Last week Moody’s Investor Services issued its 2016 outlook for American colleges and universities. The takeaways were: stability and modest growth.
Moody’ suggested that tuition revenue growth is expected to be between 2 and 3 percent for public and private universities, with a 3 percent increase in revenue overall. On the public side, state revenue is expected to grow between 2 and 4 percent.
Moody’s based its estimates on a comprehensive review of the 230 public universities and 275 private universities that are included in its portfolio. The agency notes that between 20 to 30 percent of the colleges that it rates – mostly small colleges with limited economies of scale – will struggle to meet their projections of 3 percent revenue growth.
This is good news. Any positive change in the dismal negative outlook offered in recent years is improvement. The higher education community has something to celebrate, even if the celebration is muted.
But let’s look more closely at the findings.
First, Moody’s rates only a small percentage of the colleges and universities in America; therefore, most colleges were not surveyed for Moody’s assessment. It’s unclear whether the Moody findings apply to the full spectrum of American higher education institutions. If they don’t – and Moody’s calculations represent only an assessment of those they rate – the outlook for American colleges and universities may differ substantially from the conclusions drawn from Moody’s sample.
Second, Moody’s notes that many of the “low hanging fruit” reductions have already been taken by colleges seeking to create economies of scale. They report further that additional cuts are likely to be more contentious. Is it likely that the cultural inertia and defensiveness that characterizes the climate on many American campuses will support tough budgetary decisions when these next round of cuts have real consequences?
Third, Moody’s argues that colleges and universities should be able to increase their tuition rates at levels greater than inflation. Try selling this argument to American consumers or politicians driven by polling who are not afraid to use their regulatory authority to force change. By one estimate, nearly 60 percent of the private colleges and universities did not meet their internal admission targets. A good number of these have also increased their tuition discount rates to 60 percent or higher. Is this really a prescription for stability and modest growth?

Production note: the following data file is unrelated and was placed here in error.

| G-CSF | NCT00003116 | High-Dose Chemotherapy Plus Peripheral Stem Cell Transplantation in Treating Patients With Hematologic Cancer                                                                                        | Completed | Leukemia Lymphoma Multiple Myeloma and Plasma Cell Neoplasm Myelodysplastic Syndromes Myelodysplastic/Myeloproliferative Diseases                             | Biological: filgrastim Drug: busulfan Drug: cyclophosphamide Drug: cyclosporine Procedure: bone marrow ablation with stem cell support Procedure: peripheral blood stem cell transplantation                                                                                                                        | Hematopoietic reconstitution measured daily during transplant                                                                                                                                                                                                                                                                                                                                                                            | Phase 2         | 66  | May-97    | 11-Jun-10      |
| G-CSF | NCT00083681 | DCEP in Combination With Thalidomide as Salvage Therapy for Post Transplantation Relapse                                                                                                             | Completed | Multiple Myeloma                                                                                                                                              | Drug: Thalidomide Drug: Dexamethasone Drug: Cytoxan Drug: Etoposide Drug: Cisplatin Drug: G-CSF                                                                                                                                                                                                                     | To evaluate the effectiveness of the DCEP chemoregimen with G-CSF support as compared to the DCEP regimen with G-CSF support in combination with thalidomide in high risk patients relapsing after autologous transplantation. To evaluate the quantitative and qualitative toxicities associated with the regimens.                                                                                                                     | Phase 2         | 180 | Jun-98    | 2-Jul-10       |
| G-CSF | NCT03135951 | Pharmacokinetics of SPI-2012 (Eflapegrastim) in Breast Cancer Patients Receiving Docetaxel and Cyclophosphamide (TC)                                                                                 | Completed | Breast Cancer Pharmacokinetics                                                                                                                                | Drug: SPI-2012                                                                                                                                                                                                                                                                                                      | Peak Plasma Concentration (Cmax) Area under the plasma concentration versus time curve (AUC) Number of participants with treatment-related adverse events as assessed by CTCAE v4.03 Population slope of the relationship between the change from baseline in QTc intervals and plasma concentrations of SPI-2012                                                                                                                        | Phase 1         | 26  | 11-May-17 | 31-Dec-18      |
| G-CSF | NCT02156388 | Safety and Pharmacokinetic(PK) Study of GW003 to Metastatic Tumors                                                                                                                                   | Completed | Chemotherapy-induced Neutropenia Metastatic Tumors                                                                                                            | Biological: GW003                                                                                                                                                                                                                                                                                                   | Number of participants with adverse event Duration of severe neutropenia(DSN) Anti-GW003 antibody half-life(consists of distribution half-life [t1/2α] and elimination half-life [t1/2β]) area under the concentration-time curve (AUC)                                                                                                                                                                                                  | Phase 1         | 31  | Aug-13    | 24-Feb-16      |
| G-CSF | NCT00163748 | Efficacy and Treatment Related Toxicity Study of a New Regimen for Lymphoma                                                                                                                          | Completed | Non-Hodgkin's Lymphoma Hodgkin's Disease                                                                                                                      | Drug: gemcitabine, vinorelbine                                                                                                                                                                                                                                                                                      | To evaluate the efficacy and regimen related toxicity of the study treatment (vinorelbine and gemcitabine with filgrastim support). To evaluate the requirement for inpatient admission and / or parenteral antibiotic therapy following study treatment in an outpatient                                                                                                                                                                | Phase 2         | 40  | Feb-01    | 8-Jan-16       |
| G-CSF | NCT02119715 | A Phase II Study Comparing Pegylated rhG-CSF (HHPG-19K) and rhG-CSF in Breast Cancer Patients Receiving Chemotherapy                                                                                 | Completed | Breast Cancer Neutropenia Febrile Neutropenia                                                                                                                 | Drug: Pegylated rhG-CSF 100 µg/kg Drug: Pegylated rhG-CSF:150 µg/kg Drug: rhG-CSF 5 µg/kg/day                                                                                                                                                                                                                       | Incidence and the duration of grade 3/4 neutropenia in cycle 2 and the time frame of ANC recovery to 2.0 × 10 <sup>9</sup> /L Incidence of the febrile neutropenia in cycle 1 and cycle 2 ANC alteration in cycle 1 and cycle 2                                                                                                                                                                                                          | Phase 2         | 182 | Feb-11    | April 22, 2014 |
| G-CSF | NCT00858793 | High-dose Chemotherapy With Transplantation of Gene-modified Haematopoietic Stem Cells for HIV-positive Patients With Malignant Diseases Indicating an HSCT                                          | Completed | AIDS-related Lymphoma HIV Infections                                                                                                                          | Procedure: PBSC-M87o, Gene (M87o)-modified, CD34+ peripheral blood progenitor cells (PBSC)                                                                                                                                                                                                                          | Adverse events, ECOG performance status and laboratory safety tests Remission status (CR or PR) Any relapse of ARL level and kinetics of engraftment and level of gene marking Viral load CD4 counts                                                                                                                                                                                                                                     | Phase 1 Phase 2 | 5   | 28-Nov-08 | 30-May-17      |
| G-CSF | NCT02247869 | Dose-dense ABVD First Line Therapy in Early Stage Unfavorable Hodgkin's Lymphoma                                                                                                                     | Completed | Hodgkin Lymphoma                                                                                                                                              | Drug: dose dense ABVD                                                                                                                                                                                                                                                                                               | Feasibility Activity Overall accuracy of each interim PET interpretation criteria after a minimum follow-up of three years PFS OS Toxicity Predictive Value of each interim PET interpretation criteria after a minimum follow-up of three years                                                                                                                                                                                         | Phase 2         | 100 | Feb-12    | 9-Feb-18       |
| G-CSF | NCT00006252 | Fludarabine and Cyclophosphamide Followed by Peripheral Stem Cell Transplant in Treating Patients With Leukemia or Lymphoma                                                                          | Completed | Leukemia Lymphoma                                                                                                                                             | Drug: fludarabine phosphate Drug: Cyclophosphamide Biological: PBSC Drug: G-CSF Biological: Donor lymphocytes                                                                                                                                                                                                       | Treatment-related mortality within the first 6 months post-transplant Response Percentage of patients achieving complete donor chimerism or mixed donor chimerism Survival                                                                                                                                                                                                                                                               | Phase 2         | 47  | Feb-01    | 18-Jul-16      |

Fourth, Moody’s suggests that improving endowment returns and enhanced fundraising will contribute to modest revenue growth. This seems reasonable – except of course for those institutions that do not have measurable endowments or alumni donor bases and fundraising track records to contribute to revenue growth in any meaningful way. As one president responding to this approach said to me recently, “What planet are they on?”
Fifth, Moody’s finds that state revenue to public sector institutions will increase between 2 and 4 percent. This is good news, although many of these same public institutions are looking to “privatize” anticipating longer federal and state funding trend lines that are far less rosy in outlook. How often have we heard that state supported institutions are now more like state-located universities?
Does a 2 to 4 percent increase in state appropriations – while welcome – materially impact a public university budget since the percentage of state revenue in the university’s budget is a fraction of the percentage twenty years ago?
Sixth, Moody’s identifies other challenges that colleges and universities confront, for example, defined pension liabilities are a growing problem for many public universities. They also note that political instability and an uncertain global economy loom ever present on the horizon.
Before we pop the champagne cork, perhaps its time to look comprehensively at American higher education. It’s good to see improvement. But the overriding question must be if this improvement is significant enough to fuel the sustainable growth of a robust and defined educational program on America’s college campuses.
The story told within American higher education is much more gloomy. Consumers have effectively capped the level of tuition increases. Many colleges are weighted down by debt, deteriorating infrastructure, and growing tuition discounts. Governance is an archaic and quaint series of checks and balances in which the overriding authority is in the hands of poorly educated and inexperienced trustee volunteers. The demographics are unfavorable. Senior administrative leadership is pragmatically timid since there is no incentive to be courageous, nor are they trained to be so.
There is a way through the looking glass. But it’s not likely that we’ll get there by buying into the assessment by Moody’s that its schools – even if they enjoy stability and modest revenue growth – represent the state of American higher education.